She found herself eating dinner, then what might be described as "fourth meal," almost every night. After putting the kids to bed, she lay awake for more than an hour trying to fall asleep. Thoughts of overdue bills, worst case scenarios, and loneliness for her ex wafted over her as she finally dozed off.
She awakened the next morning with a headache, dreading the hectic day ahead. Waves of being overwhelmed flooded her. Briefly, she considered calling in sick. After all, her stomach did feel queasy.
Stress sneaks up on us. Though depression is the common cold of mental illness, I've noticed over the years that many more people come in complaining of anxiety and stress. It's as if stress is in the water we drink, the air we breathe, and perhaps the walls of our homes. That's a facetious way of explaining it, but stress has become a way of life for many Americans.
The social acceptability of it even shows up in the fast-paced dramas and reality shows we watch. When the pressure's on at work, those who dive in and swim fast are praised. But the insidious quality of anxiety and the stress response is revealed in how many ways it shows up in our lives.
Consider these following symptoms experts tell us can reveal our anxiety: facial twitches, wringing hands, bouncing legs, insomnia, angry outbursts, tightness in the chest, difficulty breathing, difficulty focusing, remembering or learning, overeating, driving fast, upset digestive system, substance abuse, frequent colds.
Stress unmanaged causes all manner of disease and can often turn into depression. Like the woman above -- not a real person, but a composite of various stress-related problems that my clients have experienced -- many people are pushing through when they really need time to simply rest and be restored. When there aren't enough social supports around a person to help take the pressure off, an individual can become impaired. This is one of the reasons continual expansion of one's supports can be critical to living a peaceful and balanced life.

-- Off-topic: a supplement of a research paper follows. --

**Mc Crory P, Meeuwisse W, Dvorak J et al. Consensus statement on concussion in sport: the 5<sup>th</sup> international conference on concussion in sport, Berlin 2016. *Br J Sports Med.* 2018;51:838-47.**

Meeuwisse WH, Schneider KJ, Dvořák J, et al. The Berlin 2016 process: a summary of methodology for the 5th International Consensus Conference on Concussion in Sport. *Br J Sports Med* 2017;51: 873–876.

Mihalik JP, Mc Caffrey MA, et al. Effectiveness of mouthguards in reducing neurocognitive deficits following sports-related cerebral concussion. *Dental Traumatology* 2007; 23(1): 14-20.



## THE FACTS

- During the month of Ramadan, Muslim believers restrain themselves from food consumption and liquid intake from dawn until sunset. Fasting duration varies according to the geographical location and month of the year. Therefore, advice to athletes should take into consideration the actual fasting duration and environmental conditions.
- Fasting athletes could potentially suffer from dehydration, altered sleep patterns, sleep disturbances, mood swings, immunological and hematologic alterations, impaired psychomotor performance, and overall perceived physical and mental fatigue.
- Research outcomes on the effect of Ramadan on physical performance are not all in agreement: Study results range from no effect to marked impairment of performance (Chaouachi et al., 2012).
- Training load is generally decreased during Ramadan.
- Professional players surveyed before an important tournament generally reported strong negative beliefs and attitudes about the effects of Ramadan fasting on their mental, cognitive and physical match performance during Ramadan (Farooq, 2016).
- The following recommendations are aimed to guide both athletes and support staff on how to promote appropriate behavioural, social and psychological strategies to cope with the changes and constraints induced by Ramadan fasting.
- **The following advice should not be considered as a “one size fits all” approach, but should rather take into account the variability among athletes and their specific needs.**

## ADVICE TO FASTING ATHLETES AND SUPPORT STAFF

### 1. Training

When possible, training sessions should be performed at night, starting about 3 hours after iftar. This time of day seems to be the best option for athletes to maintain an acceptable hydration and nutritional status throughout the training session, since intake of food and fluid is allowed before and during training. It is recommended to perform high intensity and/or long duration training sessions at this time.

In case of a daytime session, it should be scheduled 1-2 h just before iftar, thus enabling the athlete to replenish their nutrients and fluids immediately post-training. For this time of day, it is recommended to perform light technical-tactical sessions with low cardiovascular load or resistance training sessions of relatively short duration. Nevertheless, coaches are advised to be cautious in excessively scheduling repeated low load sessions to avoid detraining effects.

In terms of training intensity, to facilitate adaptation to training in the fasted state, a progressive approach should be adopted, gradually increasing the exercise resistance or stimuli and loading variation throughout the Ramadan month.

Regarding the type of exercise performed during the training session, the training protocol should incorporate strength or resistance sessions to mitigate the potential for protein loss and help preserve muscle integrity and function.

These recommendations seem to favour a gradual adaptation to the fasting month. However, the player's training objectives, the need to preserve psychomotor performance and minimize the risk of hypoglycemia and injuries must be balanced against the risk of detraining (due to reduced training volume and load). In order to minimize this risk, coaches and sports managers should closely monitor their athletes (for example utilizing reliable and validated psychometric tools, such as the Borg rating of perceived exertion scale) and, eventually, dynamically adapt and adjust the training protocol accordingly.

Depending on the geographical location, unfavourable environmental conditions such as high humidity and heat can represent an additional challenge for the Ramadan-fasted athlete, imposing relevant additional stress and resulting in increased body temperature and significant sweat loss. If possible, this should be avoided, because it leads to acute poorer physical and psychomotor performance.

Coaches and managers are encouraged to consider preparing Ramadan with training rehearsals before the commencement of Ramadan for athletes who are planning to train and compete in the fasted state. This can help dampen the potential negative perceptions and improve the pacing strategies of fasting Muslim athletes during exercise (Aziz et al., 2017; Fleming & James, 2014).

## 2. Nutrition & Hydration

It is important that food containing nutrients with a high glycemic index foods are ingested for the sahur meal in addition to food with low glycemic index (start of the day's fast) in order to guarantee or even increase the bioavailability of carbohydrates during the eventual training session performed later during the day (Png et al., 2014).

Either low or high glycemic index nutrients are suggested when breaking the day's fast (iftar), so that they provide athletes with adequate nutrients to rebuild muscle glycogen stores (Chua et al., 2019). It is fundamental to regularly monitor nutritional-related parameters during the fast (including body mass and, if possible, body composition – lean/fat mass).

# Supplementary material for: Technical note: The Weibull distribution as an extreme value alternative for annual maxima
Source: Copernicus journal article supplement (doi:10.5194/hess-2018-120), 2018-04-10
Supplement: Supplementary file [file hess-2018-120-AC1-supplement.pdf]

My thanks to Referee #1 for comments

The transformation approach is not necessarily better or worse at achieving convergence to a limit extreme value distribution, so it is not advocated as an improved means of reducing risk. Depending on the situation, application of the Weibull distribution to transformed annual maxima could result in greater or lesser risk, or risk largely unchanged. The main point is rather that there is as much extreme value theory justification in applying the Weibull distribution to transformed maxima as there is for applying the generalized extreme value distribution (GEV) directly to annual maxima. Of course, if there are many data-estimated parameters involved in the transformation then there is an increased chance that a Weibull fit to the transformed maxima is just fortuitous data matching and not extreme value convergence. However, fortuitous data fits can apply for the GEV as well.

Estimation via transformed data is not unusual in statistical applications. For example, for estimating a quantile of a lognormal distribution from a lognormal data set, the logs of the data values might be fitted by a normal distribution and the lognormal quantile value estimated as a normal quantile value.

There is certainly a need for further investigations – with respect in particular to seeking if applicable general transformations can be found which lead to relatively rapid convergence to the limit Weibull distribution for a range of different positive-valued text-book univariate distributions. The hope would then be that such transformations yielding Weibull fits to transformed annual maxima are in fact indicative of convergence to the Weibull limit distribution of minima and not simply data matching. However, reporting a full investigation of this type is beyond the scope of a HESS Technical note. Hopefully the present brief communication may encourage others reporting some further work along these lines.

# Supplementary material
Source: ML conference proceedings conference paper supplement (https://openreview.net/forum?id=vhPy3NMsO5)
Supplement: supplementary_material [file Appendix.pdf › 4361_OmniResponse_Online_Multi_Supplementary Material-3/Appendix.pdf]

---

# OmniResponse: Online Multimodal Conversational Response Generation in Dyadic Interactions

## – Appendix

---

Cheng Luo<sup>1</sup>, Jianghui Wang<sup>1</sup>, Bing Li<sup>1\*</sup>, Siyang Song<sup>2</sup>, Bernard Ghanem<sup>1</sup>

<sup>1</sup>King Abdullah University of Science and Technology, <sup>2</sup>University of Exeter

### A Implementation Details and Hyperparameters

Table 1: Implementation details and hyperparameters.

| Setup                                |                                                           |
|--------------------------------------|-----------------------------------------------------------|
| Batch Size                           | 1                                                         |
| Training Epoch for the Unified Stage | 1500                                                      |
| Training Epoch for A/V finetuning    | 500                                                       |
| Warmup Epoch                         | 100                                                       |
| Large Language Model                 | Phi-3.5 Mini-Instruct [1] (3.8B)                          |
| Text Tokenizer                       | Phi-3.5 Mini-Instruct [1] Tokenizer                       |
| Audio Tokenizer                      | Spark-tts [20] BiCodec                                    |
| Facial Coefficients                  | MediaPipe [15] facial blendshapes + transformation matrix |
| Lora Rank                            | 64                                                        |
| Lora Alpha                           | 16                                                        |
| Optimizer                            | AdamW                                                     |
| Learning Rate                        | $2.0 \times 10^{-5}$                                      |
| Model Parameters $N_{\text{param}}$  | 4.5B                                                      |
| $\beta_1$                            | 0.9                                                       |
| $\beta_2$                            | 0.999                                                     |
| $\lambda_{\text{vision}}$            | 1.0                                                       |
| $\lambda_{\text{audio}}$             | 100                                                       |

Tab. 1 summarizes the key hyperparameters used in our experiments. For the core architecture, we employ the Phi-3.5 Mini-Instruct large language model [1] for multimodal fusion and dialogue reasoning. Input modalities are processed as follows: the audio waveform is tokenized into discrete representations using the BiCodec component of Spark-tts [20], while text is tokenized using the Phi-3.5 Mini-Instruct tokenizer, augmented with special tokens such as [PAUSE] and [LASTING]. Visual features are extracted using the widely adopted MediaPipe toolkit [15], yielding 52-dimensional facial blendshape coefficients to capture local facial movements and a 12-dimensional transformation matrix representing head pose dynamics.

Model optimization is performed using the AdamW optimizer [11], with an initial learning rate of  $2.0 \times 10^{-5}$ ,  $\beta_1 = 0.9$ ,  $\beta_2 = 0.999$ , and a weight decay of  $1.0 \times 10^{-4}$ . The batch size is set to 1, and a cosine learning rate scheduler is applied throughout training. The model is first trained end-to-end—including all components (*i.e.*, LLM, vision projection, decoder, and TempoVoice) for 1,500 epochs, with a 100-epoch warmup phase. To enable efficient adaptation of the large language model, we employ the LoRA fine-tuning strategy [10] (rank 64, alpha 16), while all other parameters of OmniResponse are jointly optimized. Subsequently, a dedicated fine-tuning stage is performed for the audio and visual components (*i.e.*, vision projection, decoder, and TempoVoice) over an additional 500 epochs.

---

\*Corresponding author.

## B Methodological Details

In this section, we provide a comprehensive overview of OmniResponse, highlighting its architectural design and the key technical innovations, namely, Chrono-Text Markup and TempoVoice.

Other natural remedies for stress are meditation, breathing-stretching routines, exercise, B vitamins, Omega 3s found in flaxseed and fish oils, lifestyle changes, thought and behavior changes and more. Meditation can be as simple as taking time to take in deep breaths that go down to the belly button and then back out again. One can think about positive statements while doing this type of breathing or visualize peaceful surroundings.
Another type of meditation is called mindfulness, when one simply makes him or herself aware of the present moment, noticing one's body position, sounds, temperatures and visual scenes around them. This approach helps manage racing thoughts and stress about the past or the future.
Exercise and stretching routines help release toxins and provide catharsis for the body. Certain vitamins help bring calm and balance to the brain.
The hardest changes have to do with lifestyle. Sometimes we must simply make difficult decisions about certain types of work, career choices or living arrangements that may seem strange to others but are lifesaving for ourselves.
It's important also to build in consistent times of rest, even if it's only for a few hours a week. Take a vacation if possible and leave your present surroundings for awhile. This can have a refreshing effect on the brain. Write out stressful thoughts and possible solutions, and choose a positive, hopeful perspective whenever possible.
Tabi Upton is a workshop leader, writer and counselor at CBI Counseling Center. Contact her at firstname.lastname@example.org.